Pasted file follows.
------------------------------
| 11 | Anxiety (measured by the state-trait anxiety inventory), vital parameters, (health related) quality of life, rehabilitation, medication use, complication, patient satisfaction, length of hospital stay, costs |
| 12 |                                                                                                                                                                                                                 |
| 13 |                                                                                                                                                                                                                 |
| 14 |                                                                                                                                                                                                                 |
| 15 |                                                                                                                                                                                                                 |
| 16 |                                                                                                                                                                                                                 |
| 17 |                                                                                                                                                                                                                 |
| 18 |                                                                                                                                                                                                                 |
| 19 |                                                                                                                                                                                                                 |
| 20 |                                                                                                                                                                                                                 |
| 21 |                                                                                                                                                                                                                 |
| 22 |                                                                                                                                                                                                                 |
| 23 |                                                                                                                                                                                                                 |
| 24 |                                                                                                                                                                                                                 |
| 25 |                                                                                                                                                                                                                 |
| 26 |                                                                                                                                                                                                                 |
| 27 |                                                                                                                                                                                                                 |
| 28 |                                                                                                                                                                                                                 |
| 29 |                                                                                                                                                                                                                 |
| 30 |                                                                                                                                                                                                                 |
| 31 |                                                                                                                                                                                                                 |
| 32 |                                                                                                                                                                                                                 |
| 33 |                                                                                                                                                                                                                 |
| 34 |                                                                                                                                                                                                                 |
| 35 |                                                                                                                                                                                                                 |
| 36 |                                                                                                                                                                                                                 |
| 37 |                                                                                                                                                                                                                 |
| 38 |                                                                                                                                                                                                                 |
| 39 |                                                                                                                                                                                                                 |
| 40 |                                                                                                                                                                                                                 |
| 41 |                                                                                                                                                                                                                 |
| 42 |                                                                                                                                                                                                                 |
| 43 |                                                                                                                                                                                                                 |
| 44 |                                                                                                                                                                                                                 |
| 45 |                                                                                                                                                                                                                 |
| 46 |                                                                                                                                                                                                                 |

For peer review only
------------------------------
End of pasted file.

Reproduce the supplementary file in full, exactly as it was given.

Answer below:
| 11 | Anxiety (measured by the state-trait anxiety inventory), vital parameters, (health related) quality of life, rehabilitation, medication use, complication, patient satisfaction, length of hospital stay, costs |
| 12 |                                                                                                                                                                                                                 |
| 13 |                                                                                                                                                                                                                 |
| 14 |                                                                                                                                                                                                                 |
| 15 |                                                                                                                                                                                                                 |
| 16 |                                                                                                                                                                                                                 |
| 17 |                                                                                                                                                                                                                 |
| 18 |                                                                                                                                                                                                                 |
| 19 |                                                                                                                                                                                                                 |
| 20 |                                                                                                                                                                                                                 |
| 21 |                                                                                                                                                                                                                 |
| 22 |                                                                                                                                                                                                                 |
| 23 |                                                                                                                                                                                                                 |
| 24 |                                                                                                                                                                                                                 |
| 25 |                                                                                                                                                                                                                 |
| 26 |                                                                                                                                                                                                                 |
| 27 |                                                                                                                                                                                                                 |
| 28 |                                                                                                                                                                                                                 |
| 29 |                                                                                                                                                                                                                 |
| 30 |                                                                                                                                                                                                                 |
| 31 |                                                                                                                                                                                                                 |
| 32 |                                                                                                                                                                                                                 |
| 33 |                                                                                                                                                                                                                 |
| 34 |                                                                                                                                                                                                                 |
| 35 |                                                                                                                                                                                                                 |
| 36 |                                                                                                                                                                                                                 |
| 37 |                                                                                                                                                                                                                 |
| 38 |                                                                                                                                                                                                                 |
| 39 |                                                                                                                                                                                                                 |
| 40 |                                                                                                                                                                                                                 |
| 41 |                                                                                                                                                                                                                 |
| 42 |                                                                                                                                                                                                                 |
| 43 |                                                                                                                                                                                                                 |
| 44 |                                                                                                                                                                                                                 |
| 45 |                                                                                                                                                                                                                 |
| 46 |                                                                                                                                                                                                                 |

For peer review only